The number of Aussies admitted to hospital for weight loss surgery has more than doubled in a decade.
With so many non-surgical weight loss options available, why is this on the rise?
Ed Phillips spoke with Dr Steven Leibman who is a General, Upper Gastrointestinal & Weight Loss Surgeon to find out more.
What is weight loss surgery?
Weight loss surgery refers to undergoing an operation designed to achieve substantial weight loss for patients who have a degree of obesity that is clinically harmful. There is extensive evidence now showing a relationship between being overweight and having multiple health conditions (referred to as comorbidities). These include but are by no means limited to type 2 diabetes, sleep apnoea, asthma, hypertension (high blood pressure), arthritis, depression, and a number of cancers. The level of obesity at which health problems begin to occur is most commonly defined based on the body mass index (BMI) which is a calculation based on someone’s height and weight. Once the BMI exceeds around 35, the risk of developing or successfully treating obesity related comorbidities becomes increasing difficult. There is also extremely reliable evidence that suggests the ability to lose and maintain weight loss for patients who already have a BMI at this level is extremely difficult to achieve.
Will weight loss surgery work long-term?
The long-term management of these health conditions involves the individual being able to lose sufficient weight and to sustain that weight loss long term (durability). It is for these patients therefore that surgery may be considered as an appropriate treatment for the weight condition. While most non-surgical techniques such as diet, exercise and some mental or medical therapies tend to achieve a weight loss of around 10% with the usual pattern of weight regain in the following months, surgery aims to achieve a weight loss of 70% excess weight with long term maintenance of this weight loss.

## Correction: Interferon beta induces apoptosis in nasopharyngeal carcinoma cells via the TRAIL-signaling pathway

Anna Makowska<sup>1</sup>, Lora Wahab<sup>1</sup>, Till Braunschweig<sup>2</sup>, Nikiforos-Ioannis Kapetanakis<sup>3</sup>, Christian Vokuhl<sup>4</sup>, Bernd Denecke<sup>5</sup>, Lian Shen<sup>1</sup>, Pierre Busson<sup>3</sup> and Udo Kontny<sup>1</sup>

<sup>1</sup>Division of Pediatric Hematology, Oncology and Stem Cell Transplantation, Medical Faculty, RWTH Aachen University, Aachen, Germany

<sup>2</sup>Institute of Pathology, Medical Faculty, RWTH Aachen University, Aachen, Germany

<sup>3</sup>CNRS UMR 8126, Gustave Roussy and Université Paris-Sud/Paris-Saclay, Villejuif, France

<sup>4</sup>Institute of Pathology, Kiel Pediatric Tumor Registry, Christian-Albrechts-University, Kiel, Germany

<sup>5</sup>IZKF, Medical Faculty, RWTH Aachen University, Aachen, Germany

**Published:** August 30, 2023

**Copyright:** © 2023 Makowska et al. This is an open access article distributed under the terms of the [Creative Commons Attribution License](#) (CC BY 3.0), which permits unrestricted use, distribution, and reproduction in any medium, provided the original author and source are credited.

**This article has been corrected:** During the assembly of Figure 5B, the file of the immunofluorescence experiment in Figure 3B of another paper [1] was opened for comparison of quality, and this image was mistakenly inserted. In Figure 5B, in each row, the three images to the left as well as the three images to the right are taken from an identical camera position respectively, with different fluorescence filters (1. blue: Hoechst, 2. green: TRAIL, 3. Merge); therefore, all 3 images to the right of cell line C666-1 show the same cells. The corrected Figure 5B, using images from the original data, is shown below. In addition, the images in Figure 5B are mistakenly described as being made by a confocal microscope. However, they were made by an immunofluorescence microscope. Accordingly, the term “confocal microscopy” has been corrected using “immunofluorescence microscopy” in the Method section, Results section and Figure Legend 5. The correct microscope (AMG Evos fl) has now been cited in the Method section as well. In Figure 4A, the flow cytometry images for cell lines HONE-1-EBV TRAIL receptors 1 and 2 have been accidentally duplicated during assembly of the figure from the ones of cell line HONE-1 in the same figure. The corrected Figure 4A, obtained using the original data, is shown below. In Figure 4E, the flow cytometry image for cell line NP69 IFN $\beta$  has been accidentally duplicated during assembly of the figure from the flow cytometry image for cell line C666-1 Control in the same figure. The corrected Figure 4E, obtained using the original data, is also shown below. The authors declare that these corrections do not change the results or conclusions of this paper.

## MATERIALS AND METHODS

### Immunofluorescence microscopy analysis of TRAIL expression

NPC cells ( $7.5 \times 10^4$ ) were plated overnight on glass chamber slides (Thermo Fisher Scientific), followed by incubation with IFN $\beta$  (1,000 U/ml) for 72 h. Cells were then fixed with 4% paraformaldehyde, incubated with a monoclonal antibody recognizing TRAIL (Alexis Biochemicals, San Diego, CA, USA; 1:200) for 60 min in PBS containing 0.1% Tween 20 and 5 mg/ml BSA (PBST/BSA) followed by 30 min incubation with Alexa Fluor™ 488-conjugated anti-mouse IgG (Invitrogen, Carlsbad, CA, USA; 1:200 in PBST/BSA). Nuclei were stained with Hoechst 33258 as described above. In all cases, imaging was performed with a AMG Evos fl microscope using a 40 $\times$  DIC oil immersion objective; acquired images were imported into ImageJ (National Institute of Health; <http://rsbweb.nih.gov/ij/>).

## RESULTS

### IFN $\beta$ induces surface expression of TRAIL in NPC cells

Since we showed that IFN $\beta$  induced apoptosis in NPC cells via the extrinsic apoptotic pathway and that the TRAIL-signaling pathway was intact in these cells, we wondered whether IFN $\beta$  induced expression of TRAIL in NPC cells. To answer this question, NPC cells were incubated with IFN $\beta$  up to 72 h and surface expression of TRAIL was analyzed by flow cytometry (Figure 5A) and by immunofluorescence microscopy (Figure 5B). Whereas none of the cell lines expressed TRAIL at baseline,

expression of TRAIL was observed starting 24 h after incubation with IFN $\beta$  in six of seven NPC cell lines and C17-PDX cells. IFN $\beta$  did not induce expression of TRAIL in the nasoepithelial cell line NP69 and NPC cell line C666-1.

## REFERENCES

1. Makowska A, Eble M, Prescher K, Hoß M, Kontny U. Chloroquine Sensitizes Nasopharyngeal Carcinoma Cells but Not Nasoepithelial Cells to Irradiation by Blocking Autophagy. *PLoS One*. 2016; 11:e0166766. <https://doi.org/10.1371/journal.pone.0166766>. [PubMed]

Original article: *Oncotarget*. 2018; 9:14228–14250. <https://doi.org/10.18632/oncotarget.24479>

Who are good candidates for weight loss surgery?
Good candidates for weight loss surgery are those with a BMI above 35 who have tried to achieve weight loss by non-surgical means and have either had limited success or short-term success only. Patients who already have established comorbidities (such as type 2 diabetes) are excellent candidates as weight loss surgery is primarily designed to achieve health improvements rather than just weight loss measured in kilograms. The best candidates for weight loss surgery are those who have given it careful thought and are committed to a combination of lifestyle changes including food choice and exercise in combination with the effects of surgery.
What options are available?
There are various different choices of operation designed to achieve weight loss and while none are perfect, most comprehensive weight loss surgeons will tailor an operation to the patient based on their unique medical situation. The most common procedures performed for weight loss today are the sleeve gastrectomy, the gastric bypass, and the gastric band operation. The gastric band has been the most popular operation in Australia in the past, but over recent years has been decreasing in popularity both by patients and surgeons because of a number of factors including cumulative long-term complications, less successful long term weight loss compared to some of the alternative procedures, the impact on quality of life for many patients and the need for ongoing frequent medical follow-up and band adjustments. The gastric band is the only common procedure where an artificial device is actually placed inside the body and expected to stay there for the rest of the patients’ life without any problems. This device is prone to a number of long-term problems such as infection, change in position, or erosion into the stomach as well as wear and tear with leakage and loss of effectiveness. Many surgeons have now chosen to stop performing gastric band surgery unless there is a specific indication for it. Many patients who have had gastric band surgery are seeking revisional surgery because of either limited success or a complication related to the band.